No doubt we’ll hear more of the rhetorical defence that foreign minister Penny Wong has been making of the government’s efforts, saying ‘there are many ways to support Ukraine’ and ‘one of the central ways in which I want to and have supported Ukraine is to build and maintain the international solidarity with Ukraine’. 

This sounds heart-warming and strong, but it doesn’t do the single thing that President Zelensky and every member of his government and military has told us is key from the beginning of the war: provide military supplies.  President Zelenksy put this best a couple of days into the war when he said “I need ammunition, not a ride”.  500 days later, he still does.

Even the ever-gracious Ukrainian Ambassador to Australia, Vasyl Myroshnychenko, couldn’t disguise his disappointment with our government’s failure to provide what Ukrainian troops know would make a practical difference on the battlefield when he thanked us for the recent package.  He said he was ‘optimistic about further working with Australia’, including on ‘further progressing Ukraine’s requests for Australia’s proven and life-saving Bushmasters, available Hawkeis, and tanks’.  Translation: thank you, but can we have what we really need soon?.

So, whatever words of solidarity and encouragement may come from the Australian Government, we know Ukraine’s single overriding priority for help from us. And we are failing to respond in any way that lets us look in the mirror and say we’ve done what we can.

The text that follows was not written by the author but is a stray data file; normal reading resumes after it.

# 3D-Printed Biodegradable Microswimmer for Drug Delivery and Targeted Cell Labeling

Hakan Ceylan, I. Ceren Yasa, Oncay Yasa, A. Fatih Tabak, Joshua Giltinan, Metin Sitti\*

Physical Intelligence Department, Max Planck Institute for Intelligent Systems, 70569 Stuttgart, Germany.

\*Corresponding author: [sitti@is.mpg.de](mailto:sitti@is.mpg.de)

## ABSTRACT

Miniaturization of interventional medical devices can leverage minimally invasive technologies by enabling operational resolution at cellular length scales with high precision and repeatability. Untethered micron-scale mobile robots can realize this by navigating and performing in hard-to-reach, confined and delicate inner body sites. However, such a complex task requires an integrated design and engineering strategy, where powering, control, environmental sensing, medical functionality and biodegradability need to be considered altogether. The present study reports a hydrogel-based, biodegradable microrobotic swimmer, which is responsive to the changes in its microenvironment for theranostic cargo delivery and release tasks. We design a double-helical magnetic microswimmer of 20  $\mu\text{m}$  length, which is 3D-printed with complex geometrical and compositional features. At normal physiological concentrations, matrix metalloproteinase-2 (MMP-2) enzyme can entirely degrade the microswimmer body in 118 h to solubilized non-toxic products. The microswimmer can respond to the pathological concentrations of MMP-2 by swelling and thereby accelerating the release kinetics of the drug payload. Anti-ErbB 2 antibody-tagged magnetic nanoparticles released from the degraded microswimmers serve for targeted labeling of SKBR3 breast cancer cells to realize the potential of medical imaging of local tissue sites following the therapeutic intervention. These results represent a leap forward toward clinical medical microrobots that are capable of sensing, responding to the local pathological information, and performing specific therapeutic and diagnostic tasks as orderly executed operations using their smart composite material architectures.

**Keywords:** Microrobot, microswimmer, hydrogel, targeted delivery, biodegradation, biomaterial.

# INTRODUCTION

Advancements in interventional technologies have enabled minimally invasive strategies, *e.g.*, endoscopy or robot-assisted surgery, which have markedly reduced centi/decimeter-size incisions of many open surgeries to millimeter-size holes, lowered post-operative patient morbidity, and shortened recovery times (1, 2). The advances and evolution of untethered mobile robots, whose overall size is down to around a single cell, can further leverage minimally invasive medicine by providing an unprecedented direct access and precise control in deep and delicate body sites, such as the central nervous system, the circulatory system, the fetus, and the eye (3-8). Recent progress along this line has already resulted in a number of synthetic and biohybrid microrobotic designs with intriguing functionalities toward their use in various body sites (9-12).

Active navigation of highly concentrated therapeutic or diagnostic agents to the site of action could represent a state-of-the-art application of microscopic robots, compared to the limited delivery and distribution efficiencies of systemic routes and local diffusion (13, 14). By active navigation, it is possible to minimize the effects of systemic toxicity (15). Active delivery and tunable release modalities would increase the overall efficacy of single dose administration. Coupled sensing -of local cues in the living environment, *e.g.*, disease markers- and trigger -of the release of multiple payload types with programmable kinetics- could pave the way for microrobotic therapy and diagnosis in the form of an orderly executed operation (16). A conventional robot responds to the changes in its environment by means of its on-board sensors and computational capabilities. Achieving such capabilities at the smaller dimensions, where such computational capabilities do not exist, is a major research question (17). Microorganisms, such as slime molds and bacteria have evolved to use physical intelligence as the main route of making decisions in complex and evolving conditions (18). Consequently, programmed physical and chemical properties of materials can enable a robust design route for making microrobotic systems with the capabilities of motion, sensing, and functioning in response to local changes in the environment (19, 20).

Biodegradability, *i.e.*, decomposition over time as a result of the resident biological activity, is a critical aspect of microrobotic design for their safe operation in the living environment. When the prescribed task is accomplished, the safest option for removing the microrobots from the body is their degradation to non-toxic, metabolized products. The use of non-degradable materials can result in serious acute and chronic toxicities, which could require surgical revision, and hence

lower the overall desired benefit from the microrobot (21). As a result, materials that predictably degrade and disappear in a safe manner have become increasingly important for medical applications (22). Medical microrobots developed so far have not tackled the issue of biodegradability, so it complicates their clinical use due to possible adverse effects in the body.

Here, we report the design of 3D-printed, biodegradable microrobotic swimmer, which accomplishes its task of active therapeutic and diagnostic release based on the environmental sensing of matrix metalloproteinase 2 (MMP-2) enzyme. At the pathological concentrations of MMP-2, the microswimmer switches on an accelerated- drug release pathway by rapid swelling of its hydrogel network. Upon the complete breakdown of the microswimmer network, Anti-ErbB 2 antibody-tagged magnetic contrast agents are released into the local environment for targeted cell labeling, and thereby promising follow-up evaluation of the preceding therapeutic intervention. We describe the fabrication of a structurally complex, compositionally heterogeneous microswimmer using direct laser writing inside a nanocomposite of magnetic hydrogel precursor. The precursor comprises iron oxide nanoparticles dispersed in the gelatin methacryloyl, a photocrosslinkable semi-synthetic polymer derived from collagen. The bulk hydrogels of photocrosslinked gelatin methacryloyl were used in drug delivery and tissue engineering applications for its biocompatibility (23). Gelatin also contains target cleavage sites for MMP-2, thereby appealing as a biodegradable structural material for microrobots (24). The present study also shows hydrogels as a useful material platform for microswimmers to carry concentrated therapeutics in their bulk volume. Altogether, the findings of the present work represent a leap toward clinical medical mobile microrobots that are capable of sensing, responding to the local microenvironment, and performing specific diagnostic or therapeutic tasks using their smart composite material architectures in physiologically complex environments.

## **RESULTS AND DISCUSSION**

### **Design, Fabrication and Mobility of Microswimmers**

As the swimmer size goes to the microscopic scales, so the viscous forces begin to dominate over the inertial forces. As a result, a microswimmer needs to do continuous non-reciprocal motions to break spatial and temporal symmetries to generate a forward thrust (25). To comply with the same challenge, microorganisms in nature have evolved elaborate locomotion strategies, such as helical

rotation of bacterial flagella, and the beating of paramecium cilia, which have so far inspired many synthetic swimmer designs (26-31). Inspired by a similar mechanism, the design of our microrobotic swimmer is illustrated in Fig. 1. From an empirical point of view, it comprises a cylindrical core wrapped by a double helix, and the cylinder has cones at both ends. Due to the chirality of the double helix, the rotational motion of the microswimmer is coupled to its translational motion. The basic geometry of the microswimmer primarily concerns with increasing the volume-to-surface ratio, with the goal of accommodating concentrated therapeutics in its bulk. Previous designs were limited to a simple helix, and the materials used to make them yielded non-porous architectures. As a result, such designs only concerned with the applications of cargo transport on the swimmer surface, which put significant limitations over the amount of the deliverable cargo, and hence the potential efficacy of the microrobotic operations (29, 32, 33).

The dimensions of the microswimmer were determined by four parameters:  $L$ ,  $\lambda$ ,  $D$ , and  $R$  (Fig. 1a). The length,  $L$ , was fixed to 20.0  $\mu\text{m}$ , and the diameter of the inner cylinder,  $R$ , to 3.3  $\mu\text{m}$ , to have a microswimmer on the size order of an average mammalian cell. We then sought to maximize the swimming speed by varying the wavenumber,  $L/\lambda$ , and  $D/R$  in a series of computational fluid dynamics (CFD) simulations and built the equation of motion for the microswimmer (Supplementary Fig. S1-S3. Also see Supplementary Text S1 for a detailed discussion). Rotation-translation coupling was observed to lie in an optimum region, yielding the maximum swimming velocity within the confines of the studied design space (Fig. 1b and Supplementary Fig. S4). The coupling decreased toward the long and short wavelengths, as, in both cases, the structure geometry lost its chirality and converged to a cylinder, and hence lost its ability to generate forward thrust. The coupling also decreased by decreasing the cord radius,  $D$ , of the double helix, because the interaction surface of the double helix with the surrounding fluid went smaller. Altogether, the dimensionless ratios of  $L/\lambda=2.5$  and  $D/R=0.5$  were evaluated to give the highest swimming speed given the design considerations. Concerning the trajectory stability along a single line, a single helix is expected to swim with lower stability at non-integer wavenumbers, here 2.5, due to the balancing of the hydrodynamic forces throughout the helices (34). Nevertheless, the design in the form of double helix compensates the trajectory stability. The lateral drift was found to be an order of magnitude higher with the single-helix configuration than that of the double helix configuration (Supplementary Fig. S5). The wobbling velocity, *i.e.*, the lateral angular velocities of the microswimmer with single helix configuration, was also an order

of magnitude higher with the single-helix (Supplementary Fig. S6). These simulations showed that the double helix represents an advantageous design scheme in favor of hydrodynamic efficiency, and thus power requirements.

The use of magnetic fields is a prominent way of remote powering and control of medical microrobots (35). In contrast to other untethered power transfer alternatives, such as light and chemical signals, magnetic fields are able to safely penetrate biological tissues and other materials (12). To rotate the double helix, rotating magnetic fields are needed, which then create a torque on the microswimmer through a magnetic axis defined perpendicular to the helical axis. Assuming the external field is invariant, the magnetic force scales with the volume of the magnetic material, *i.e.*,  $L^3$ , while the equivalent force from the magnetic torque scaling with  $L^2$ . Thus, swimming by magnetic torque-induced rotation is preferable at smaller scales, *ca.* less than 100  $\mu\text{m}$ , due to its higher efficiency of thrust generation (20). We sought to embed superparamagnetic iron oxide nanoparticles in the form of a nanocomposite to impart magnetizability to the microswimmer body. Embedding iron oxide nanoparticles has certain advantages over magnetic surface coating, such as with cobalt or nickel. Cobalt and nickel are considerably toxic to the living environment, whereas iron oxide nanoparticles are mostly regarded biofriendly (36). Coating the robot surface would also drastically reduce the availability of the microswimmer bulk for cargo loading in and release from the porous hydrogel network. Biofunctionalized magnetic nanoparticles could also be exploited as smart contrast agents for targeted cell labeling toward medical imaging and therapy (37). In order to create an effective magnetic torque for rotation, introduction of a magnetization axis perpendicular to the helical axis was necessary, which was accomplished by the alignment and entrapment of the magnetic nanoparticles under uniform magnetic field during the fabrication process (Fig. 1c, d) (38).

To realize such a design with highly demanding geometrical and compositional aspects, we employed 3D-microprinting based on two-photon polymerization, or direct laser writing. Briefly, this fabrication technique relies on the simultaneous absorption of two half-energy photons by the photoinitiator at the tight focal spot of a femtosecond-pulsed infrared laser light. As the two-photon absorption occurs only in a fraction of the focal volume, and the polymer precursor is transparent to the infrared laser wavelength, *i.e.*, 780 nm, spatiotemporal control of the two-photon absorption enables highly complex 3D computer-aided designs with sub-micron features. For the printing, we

If we think what we do doesn’t matter because Australia is just one of many partners helping Ukraine, we’re wrong, as Mr Albanese will hear in Vilnius.  Every NATO and EU nation, including the US, is under strain to supply Ukraine’s pressing needs for military vehicles, air and drone defence systems, missiles and ammunition.  And a country like Australia that has very capable things to offer can make a real difference by doing so.

Maybe Mr Albanese has a rabbit under his hat and will tell the assembled NATO leaders and President Zelensky that he has ordered our Defence Department to send 300 Bushmaster vehicles and 300 Hawkei vehicles to Ukraine as urgently as they can be shipped there. And maybe he’ll also get the Army to release 50 of the 200 or so new counter drone weapon systems that are sitting in a shed in Canberra so they can be used to protect Ukrainian troops from drone and missile attack as they advance into Russian-held territory. 

If so, he’ll also be doing what every Australian government over the last decade has been trying and failing to do: beginning to build a domestic defence industry that has enough production scale to meet our own needs in a future crisis, through defence exports.  It’s odd that achieving this elusive policy success will also help Ukraine prevail in a war right now. 

And perhaps Mr Albanese will foreshadow a visit to Kiev by foreign minister Wong, accepting the invitation from Ambassador Myroshnychenko.  That visit would be a physical example of standing with Ukraine. It would also be the ideal opportunity to reopen our embassy there, joining 67 other countries whose embassies have returned after temporarily relocating at the start of the war.

Standing with Ukraine is about much more than sombre statements and pledges of support.  And getting a seat at key international tables doesn’t come for free.